Hume and the Historicity of Human Nature

in Journal of the Philosophy of History
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This paper urges a reconsideration of Hume’s role in the philosophy of history. It begins by challenging the common perception of Hume as a proto-positivist hoping to draw from history a mechanical causal account of the unchanging human nature. It draws attention instead to his grasp of historical contingency, the sui generis nature of the social world, and the complexity of the relationships of recognition and identity-formation which structure its operation. The paper goes on to examine Hume’s position in the light of the idea of the historicity of human nature. It is argued that Hume could be perfectly comfortable with the idea of changes in human nature as well as with the contextual dependence of terms in which human nature comes to define and redefine itself over time. What Hume cannot countenance is the prospect of a radical discontinuity within human nature, the potential significance of which is downplayed by his methodological reliance, qua a historian, on critical common sense and the moralistic vocabulary of folk psychology associated with it.

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References

1

H.-G. Gadamer, Truth and Method (New York: Continuum, 1999), 4.

2

R. Collingwood, The Idea of History (New York: Oxford University Press, 1994), 78.

4

For discussion, see D. Livingston, Hume’s Philosophy of Common Life (Chicago: University of Chicago Press, 1984), 187.

6

C. Berry, Hume, Hegel and Human Nature (The Hague: Martinus Nijhoff, 1982), 18.

7

G.W. Hegel, “Fragments of Historical Studies”, Clio, 7 (1977), 113–134, p. 128.

8

Farr, “Explanations”, 57.

9

N. Capaldi, “Hume as a Social Scientist”, The Review of Metaphysics, 32 (1978), 101–123, p. 105.

11

Pompa, Human Nature, 192.

12

Farr, “Explanations”, 57; Livingston, Life, ix; D. Siebert, The Moral Animus of David Hume (Newark: University of Delaware Press, 1990), 9; Capaldi, “Hume”, 101.

14

W. Melaney, “Hume’s Secular Paradigm, Skepticism and Historical Knowledge”, History of Philosophy Quarterly 25 (2008), 243–257, p. 247.

16

For more on this point see Livingston, Life, 228.

18

Nicholas Phillipson, David Hume: The Philosopher as Historian (New York: Penguin Books, 2011), 11.

19

See S. Foster, “David Hume and Edward Gibbon: Philosophical Historians/ Historical Philosophers: Introduction and Overview” The Modern Schoolman 84 (2007), 285–295, p. 289 and C. Schmidt, “Hume and Kant on Historical Teleology” Clio 36 (2007), 199–218, pp. 205–6.

20

Ibid., 206.

21

Ibid., 214.

24

John Danford, David Hume and the Problem of Reason: Recovering the Human Sciences (New Haven: Yale University Press, 1990), 11.

26

Ibid., 57–8, Livingston, Life, 191–2, and Farr, “Explanations,” 57.

27

Ibid., 58.

28

Livingston, “Explanation”, 59.

29

Capaldi, “Hume”, 118.

30

Farr, “Explanation”, 73.

31

Capaldi, “Hume”, 123; also, Livingston, “Explanation”, 66.

33

Ibid., 196.

34

Capaldi, “Hume”, 101.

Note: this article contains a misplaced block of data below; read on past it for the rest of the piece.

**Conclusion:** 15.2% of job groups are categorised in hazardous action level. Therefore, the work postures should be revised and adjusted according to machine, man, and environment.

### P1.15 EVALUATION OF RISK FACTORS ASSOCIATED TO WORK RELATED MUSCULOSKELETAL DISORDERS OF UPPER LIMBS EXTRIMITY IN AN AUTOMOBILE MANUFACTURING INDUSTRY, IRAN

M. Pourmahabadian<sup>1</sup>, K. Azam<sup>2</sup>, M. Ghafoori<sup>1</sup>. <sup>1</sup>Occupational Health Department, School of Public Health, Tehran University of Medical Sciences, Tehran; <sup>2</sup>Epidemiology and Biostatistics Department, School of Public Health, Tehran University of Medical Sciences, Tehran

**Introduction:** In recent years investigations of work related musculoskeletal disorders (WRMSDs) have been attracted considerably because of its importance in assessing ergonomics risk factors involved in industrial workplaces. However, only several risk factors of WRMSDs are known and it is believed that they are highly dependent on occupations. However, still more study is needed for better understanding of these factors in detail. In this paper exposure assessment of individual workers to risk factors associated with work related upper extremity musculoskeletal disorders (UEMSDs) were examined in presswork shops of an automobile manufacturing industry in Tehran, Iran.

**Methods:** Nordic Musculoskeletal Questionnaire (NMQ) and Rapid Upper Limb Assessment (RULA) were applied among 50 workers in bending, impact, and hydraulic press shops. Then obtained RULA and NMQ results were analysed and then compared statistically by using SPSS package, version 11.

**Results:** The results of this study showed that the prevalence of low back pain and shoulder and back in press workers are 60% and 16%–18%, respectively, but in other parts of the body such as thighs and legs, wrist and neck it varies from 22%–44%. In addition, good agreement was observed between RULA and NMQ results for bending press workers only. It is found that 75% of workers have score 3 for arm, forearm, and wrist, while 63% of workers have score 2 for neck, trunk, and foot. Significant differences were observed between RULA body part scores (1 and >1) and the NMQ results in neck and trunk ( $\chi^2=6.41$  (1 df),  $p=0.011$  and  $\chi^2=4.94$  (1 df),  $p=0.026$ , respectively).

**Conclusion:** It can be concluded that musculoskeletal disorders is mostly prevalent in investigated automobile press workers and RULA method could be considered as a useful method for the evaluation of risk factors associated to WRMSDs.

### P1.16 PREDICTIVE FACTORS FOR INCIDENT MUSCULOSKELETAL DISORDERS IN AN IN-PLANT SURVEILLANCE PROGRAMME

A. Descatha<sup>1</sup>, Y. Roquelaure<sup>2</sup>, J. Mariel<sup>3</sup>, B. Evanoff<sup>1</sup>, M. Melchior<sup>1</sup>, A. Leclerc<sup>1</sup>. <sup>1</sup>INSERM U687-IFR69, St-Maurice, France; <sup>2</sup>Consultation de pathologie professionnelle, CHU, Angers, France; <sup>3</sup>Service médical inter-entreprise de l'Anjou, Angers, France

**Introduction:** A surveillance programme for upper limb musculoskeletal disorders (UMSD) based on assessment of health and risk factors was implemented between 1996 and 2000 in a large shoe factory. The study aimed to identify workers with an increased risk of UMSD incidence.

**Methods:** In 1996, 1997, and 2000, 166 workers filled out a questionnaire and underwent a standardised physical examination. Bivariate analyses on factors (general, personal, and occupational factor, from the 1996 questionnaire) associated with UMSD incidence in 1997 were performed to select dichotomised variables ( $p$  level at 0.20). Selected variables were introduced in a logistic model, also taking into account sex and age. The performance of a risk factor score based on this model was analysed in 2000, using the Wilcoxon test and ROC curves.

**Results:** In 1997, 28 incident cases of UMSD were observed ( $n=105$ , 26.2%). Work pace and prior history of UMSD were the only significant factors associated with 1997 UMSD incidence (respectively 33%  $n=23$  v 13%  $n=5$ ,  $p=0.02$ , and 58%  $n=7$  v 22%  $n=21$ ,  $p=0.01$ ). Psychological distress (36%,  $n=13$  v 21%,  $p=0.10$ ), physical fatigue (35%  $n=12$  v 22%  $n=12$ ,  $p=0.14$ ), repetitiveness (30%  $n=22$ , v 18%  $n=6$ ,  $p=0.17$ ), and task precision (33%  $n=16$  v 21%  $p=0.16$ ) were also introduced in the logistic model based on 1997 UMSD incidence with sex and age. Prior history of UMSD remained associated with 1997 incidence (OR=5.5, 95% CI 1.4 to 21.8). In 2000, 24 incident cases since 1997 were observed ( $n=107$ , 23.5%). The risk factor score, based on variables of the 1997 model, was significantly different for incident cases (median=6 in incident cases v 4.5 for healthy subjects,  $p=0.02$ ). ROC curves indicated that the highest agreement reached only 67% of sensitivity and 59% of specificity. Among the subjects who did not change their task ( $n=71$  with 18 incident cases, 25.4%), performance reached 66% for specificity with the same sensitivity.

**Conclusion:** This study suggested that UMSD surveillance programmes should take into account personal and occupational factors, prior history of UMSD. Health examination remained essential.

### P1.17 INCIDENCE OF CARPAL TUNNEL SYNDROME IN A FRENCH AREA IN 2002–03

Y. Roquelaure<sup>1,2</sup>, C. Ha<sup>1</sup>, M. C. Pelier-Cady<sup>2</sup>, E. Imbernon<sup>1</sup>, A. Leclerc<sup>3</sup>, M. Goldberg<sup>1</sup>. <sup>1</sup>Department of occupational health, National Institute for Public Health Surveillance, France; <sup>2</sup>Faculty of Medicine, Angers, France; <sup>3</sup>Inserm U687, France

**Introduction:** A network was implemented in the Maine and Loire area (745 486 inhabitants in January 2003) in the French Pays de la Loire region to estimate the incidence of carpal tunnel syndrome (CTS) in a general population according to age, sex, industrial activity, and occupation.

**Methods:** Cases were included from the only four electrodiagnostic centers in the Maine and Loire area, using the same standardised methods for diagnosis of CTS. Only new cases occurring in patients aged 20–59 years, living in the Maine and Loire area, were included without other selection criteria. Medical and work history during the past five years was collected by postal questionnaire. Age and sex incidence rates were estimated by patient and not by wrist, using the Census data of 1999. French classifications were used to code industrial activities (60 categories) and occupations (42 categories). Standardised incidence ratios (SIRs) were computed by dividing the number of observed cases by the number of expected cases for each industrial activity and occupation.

35

N. Capaldi, Hume’s Place in Moral Philosophy (New York: Peter Lang, 1992), 310.

36

D. Livingston, Philosophical Melancholy and Delirium (Chicago: University of Chicago Press, 1998), 218.

38

C. Berry, “Hume on Rationality in History and Social Life” History and Theory 21 (1982), 234–247, p. 240.

39

S. Wertz, “Hume, History, and Human Nature”, Journal of the History of Ideas 36 (1975), 481–496, p. 488.

42

Livingston, Life 216.

44

J. Farr, “Hume, Hermeneutics, and History: A ‘Sympathetic’ Account”, History and Theory 17 (1978), 285–310, p. 301. See also Livingston, Life 225.

45

Capaldi, Hume’s Place, 261.

46

K. Haakonssen, “The Structure of Hume’s Political Theory” in The Cambridge Companion to Hume, 182–221, p. 188.

47

Capaldi, “Hume”, 113.

49

Berry, Hume, Hegel, 153.

50

Comp. Farr, “Explanations”, 67 & 74 and Capaldi, “Hume”, 109.

51

D. Long, “Hume’s ‘Imagination’ Revisited”, Lumen 17 (1998), 127–49, p. 132.

52

Livingston, Life, 286.

54

Ibid., 43.

55

R. Popkin, “Hume: Philosophical Versus Prophetic Historian”, The Southwestern Journal of Philosophy 7 (1976), 83–95, p. 83. Also, see Livingston, Life, 297–300, Capaldi, “Hume”, 103, Siebert, Moral Animus, 142–3.

56

Farr, “Hume,” 286.

57

Schmidt, Reason in History, 407.

58

Berry, Hume, Hegel, 102.

59

Ibid., 103.

60

Danford, David Hume, 133.

61

Ibid., 135.

62

Berry, “Hume on Rationality,” 243.

63

Phillipson, David Hume, 16.

64

Berry, Hume, Hegel, 184.

65

V. Wexler, David Hume and the History of England (Philadelphia: The American Philosophical Society, 1979), 88.

66

Berry, “Hume on Rationality,” 247.

67

Berry, Hume, Hegel, 199.

68

Ibid., 200.

70

Pompa, Human Nature, 63–4.

71

Livingston, Life, 221.

73

Pompa, Human Nature, 64.

74

Ibid., 47. As Pompa puts it, by treating human nature as constant we blind ourselves to the history of changes in human nature.

75

M. Phillips, “Hume and Historical Distance”, Lumen 21 (2002), 1–19, 5.

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